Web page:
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03 September 2014
In 2005 Cathay Pacific Airways filed an application to register the Asia Miles design mark (and four other associated marks) with the Canadian Intellectual Property Office. That application took quite some time to work its way through the system and ended up before the Canadian Trademarks Opposition Board (TMOB), which refused to register the five trademarks. The mark was opposed by Air Miles International Trading BV, a consumer loyalty programme which offers, among other things, flight rewards for consumers who collect its air miles.
Cathay Pacific's Asia Miles design mark
The Air Miles design mark
Cathay appealed the TMOB's decision to the Federal Court of Canada. In order for the Federal Court to overturn the decision, it had to find that the TMOB's conclusions on use and confusion were unreasonable.
On the issue of use, the TMOB had concerns that Cathay Pacific did not actually exert control over the mark (and therefore could not register it) because it was owned by a separate corporation, Cathay Pacific Loyalty Programs Limited (CPLP). CPLP was a wholly owned subsidiary of Cathay Pacific Airways. On this point, the TMOB found that the licence agreement between Cathay Pacific and CPLP was unclear as to Cathay Pacific's rights regarding use of the mark.
The Federal Court did not accept the TMOB's analysis on this point. Rather, it found that the TMOB had erred in failing to credit Cathay Pacific with the use of the mark in Canada, which had been ongoing since 1999 through its licence with CPLP.
In support of this finding, the court noted that Cathay Pacific oversaw CPLP's operations. It noted, for example, that CPLP reported directly to Cathay Pacific's director of sales and marketing.
In addition, the evidence before the TMOB showed that Asia Miles had approximately 6,000 members in Canada in 1999, and by 2007 this number had increased to 250,000. Also, before Canadian Airlines' demise in 2000, passengers on that airline were eligible to earn Asia Miles. The court also noted that Canadian passengers had redeemed more than 1 billion Asia Miles. Moreover, the associated marks had been used extensively in Canada on application forms, newsletters, brochures, websites and membership cards. Cathay Pacific submitted evidence that it had spent several million dollars promoting the Asia Miles mark.
The Federal Court held that even though the licensing arrangements were not as precise as they could have been – in fact, no written licensing agreement was produced at all – there was sufficient evidence for the TMOB to conclude that Cathay Pacific had "direct or indirect control of the character or quality" of the mark's use such that the use of it was properly credited to the airline.
The second issue considered by the court dealt with whether there could be confusion between the two marks in the marketplace. On this point, the court looked at four factors that were considered by the TMOB, as prescribed by Section 6(5) of the Trademarks Act (RSC 1985, c T-13):
The first factor that was analysed by the TMOB was whether either of the marks had acquired an air of distinctiveness. The TMOB found that both marks had low inherent distinctiveness, as each comprised common words that are used in association with loyalty programmes. The TMOB noted that because Cathay Pacific had failed to show what the Asia Miles mark had accrued to its benefit (as it was owned by CPLP), it could not have acquired any distinctiveness. On the other hand, the TMOB found that Air Miles had acquired this trait through extensive use in Canada. Accordingly, this factor was found to be in favour of Air Miles.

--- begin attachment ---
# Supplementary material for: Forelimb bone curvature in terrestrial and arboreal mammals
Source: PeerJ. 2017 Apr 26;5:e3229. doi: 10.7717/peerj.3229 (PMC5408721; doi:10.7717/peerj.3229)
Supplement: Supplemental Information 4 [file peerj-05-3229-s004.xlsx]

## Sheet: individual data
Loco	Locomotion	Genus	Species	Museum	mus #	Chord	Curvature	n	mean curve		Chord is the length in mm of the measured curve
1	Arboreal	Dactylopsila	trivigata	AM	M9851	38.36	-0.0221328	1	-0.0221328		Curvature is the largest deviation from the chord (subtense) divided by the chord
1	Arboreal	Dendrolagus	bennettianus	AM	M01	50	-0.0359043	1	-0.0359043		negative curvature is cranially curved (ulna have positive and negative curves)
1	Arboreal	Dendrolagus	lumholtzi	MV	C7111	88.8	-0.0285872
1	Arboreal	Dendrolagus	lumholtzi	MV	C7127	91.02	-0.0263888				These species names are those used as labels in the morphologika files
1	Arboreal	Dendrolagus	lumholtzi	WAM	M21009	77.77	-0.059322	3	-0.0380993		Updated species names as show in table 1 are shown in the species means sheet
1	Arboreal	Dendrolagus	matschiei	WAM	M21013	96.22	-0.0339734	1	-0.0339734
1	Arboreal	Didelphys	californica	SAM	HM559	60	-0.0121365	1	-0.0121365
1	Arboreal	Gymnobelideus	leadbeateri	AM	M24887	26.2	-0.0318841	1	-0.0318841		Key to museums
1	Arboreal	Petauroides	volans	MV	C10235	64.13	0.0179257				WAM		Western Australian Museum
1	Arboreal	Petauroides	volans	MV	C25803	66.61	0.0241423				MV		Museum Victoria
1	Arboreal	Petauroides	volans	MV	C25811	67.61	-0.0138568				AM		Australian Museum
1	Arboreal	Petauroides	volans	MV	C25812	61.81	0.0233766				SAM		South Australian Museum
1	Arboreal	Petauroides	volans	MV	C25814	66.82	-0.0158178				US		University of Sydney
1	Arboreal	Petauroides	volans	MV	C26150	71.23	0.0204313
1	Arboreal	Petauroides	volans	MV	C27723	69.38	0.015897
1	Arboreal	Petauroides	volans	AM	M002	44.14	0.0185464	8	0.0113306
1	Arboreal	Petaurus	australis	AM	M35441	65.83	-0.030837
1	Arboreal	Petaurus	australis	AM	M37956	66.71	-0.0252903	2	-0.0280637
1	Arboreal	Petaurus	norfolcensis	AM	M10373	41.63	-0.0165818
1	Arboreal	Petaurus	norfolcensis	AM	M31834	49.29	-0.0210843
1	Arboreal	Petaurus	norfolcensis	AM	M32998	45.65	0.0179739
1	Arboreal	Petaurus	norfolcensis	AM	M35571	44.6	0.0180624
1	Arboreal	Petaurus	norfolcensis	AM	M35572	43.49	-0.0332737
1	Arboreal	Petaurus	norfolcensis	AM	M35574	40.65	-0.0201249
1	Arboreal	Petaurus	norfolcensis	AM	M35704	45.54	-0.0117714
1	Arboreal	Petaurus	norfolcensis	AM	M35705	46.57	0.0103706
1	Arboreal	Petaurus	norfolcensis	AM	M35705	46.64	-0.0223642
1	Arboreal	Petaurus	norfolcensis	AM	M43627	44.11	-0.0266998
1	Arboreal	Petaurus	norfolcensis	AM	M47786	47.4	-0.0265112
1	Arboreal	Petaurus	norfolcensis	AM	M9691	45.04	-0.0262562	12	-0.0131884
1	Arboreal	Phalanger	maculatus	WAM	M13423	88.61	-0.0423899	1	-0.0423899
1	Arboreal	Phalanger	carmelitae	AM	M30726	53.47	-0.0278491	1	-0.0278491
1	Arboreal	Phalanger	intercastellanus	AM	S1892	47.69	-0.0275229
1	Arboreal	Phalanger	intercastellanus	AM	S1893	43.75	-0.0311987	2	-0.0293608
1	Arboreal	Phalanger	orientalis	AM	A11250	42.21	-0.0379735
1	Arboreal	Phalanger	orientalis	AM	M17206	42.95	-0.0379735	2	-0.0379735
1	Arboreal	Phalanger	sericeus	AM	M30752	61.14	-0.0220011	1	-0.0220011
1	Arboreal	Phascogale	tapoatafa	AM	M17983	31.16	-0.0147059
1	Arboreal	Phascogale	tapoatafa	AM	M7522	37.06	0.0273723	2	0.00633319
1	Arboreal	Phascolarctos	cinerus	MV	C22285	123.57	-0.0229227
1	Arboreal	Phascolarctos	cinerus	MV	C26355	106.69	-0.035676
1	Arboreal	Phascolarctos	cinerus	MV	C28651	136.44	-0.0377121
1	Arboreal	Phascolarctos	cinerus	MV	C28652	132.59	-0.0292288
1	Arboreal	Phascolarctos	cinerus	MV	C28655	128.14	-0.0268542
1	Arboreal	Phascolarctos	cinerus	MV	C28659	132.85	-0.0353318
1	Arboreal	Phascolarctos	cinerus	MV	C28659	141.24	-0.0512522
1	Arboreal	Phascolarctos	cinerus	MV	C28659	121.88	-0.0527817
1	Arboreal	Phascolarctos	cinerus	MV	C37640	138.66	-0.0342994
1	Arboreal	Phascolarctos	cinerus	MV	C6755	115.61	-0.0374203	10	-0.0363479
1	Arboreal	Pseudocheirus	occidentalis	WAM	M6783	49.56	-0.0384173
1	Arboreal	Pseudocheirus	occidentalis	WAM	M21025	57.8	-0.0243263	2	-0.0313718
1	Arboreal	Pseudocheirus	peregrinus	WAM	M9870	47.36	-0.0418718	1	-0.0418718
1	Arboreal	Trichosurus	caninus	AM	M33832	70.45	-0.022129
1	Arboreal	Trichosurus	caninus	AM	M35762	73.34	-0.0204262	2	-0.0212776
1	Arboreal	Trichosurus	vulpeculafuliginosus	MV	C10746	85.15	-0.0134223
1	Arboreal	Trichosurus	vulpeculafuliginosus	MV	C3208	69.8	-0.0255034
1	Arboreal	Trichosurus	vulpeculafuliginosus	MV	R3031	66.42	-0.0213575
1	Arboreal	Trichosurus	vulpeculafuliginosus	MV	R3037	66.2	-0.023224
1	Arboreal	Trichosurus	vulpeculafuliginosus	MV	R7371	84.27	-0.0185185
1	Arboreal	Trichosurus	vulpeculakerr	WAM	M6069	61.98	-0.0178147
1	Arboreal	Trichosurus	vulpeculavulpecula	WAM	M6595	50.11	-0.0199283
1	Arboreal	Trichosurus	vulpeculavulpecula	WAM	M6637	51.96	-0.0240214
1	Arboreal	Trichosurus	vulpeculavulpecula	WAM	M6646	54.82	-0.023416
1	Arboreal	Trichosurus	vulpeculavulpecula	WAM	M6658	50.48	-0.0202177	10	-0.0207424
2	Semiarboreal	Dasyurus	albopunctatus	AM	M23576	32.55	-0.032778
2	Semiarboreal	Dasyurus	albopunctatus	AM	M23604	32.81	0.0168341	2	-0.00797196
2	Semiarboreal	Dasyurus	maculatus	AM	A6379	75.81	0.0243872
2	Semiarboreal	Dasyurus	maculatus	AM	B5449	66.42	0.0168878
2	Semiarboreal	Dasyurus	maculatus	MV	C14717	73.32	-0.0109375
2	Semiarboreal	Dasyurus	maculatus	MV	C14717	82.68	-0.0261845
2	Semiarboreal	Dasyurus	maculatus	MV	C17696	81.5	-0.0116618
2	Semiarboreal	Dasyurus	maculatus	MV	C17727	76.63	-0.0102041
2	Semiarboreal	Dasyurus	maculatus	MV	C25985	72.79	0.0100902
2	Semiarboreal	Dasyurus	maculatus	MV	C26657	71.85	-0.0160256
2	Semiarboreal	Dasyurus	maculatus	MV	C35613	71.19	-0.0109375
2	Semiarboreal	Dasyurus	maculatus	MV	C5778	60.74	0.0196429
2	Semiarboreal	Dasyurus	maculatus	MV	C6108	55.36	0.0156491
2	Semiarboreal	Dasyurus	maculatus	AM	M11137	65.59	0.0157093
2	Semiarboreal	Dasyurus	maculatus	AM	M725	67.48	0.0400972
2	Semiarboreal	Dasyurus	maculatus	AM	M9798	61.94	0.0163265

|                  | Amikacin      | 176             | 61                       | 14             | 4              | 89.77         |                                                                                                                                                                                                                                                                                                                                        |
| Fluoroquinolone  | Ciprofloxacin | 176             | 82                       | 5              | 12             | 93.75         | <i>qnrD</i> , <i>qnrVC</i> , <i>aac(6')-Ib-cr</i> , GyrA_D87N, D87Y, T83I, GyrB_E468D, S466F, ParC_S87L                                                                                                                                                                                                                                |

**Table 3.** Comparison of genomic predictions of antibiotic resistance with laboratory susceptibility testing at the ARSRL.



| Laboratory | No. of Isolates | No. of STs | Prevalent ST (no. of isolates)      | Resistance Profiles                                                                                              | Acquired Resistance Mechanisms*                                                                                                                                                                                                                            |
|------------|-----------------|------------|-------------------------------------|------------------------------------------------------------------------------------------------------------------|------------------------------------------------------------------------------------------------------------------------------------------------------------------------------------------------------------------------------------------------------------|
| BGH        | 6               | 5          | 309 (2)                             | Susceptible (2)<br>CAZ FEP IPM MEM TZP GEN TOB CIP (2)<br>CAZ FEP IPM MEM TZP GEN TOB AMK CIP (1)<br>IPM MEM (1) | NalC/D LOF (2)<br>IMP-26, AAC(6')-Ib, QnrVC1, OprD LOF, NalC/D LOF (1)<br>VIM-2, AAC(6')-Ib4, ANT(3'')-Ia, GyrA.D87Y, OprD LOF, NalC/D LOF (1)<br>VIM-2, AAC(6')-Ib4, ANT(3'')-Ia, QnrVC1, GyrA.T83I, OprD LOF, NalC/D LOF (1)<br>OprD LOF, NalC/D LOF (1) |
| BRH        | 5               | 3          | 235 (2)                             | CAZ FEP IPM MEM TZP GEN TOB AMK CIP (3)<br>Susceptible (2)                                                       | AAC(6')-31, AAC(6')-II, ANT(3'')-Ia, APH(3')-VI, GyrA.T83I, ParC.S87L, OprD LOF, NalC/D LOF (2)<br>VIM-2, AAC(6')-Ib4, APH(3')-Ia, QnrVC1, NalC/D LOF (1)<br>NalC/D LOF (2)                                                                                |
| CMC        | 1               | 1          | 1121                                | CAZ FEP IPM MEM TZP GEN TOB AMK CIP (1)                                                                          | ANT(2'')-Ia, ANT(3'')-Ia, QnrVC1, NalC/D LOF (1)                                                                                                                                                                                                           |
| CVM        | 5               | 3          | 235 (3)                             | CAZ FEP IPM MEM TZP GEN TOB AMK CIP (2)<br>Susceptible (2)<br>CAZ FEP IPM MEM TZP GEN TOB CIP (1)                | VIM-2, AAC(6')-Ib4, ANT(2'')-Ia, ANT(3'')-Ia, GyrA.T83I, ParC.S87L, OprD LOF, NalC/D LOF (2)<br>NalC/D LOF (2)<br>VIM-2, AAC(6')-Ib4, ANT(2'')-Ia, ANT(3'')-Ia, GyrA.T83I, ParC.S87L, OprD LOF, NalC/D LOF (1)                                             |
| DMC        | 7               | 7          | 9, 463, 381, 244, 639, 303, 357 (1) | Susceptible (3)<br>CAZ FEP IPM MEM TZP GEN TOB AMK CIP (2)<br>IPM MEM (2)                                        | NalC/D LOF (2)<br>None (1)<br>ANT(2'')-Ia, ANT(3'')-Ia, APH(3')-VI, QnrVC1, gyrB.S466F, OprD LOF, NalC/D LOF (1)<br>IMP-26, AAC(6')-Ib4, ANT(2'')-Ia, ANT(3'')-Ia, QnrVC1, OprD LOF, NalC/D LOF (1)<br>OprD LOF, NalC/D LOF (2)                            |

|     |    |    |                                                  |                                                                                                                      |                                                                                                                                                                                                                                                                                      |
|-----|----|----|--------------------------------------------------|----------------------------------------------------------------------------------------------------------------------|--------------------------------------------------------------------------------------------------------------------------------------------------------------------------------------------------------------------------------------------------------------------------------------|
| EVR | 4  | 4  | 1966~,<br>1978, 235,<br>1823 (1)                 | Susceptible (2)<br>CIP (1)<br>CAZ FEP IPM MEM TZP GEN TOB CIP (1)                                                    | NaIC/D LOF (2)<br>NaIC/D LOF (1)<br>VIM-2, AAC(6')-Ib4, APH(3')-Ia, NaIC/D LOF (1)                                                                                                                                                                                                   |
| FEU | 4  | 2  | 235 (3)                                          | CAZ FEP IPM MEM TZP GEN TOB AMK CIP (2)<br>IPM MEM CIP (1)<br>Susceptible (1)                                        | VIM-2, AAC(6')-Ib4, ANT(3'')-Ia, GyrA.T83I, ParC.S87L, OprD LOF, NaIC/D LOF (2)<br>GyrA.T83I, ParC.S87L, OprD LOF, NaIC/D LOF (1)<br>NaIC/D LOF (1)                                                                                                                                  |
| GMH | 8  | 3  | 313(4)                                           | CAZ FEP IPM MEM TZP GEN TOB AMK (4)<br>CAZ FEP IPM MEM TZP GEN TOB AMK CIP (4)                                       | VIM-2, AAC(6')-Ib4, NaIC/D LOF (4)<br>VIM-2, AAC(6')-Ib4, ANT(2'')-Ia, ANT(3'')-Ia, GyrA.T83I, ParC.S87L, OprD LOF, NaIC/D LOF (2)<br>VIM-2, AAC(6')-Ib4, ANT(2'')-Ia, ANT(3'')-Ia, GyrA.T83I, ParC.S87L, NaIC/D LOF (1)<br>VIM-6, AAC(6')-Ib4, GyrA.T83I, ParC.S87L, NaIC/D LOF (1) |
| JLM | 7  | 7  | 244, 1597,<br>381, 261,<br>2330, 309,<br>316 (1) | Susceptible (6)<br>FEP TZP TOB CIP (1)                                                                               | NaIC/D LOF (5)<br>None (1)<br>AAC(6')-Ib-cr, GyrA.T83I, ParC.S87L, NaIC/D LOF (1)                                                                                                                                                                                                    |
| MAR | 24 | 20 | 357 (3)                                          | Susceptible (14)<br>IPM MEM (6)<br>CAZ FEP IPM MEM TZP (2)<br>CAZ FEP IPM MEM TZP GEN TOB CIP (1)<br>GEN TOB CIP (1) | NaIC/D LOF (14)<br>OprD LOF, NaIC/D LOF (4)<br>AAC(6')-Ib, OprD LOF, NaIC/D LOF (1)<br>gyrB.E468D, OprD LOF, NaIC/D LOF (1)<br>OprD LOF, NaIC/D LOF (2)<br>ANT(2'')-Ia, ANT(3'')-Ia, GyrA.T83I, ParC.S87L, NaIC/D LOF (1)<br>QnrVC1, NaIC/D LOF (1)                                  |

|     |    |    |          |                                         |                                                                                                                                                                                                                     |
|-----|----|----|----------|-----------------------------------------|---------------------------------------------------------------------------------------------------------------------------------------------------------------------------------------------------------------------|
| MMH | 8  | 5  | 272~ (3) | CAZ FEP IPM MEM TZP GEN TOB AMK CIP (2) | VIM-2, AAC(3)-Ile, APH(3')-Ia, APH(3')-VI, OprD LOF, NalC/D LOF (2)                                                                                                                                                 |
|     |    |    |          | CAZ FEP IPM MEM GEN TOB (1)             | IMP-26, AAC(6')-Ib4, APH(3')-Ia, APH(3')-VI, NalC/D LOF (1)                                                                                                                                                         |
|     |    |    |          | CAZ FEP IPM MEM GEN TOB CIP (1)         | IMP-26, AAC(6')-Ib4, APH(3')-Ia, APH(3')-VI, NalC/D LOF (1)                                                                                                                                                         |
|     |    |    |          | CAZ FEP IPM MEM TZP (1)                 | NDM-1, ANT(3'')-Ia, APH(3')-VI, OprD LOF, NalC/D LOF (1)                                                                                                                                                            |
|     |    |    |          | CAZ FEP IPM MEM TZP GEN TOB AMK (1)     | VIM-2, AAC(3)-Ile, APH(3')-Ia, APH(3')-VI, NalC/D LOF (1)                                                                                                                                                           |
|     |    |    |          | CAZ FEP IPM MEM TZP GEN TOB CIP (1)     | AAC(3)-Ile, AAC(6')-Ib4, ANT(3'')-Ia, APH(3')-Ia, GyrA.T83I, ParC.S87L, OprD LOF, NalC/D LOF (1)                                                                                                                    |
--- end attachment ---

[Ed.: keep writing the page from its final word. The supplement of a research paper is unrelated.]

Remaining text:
The second factor was the issue of how long the marks had been in use. The TMOB found that this factor favoured Air Miles, which had been using its mark since 1992 – 13 years before registration of the Asia Miles mark was sought.
The third factor was also resolved in favour of Air Miles, given that the products being offered were "essentially the same kind of reward program, in essentially the same way".
The last factor, which the Supreme Court has accepted is often the most significant, was the degree of resemblance in the marks. On this point, the TMOB found that the first word of a mark is usually more important that the rest – and here they differ, even though both are "merely common, descriptive terms making them less significant". Notwithstanding, the TMOB held that the marks were more different than alike; as a result, this factor favoured Cathay Pacific, but "only to a limited extent".
The court then had to decide what to make of the finding on confusion. In the end, it held that the unreasonable finding on use (ie, that Cathay did not prove that it had used the Asia Mile mark because it was owned by CPLP) had coloured the analysis on confusion. For example, the court noted that if the TMOB had properly determined the issue of use, it would have:
The court held that because the conclusion on use was flawed in a manner that affected the conclusion on confusion, the appeal had to be allowed with costs.
The court ordered that another panel of the TMOB reconsider Cathay Pacific's application to register its mark (Cathay Pacific Airways Limited v Air Miles International Trading BV 2014 FC 549).
For further information on this topic please contact Carlos P Martins at Bersenas Jacobsen Chouest Thomson Blackburn LLP by telephone (+1 416 982 3800), fax (+1 416 982 3801) or email (firstname.lastname@example.org). The Bersenas Jacobsen Chouest Thomson Blackburn website can be accessed at www.lexcanada.com.
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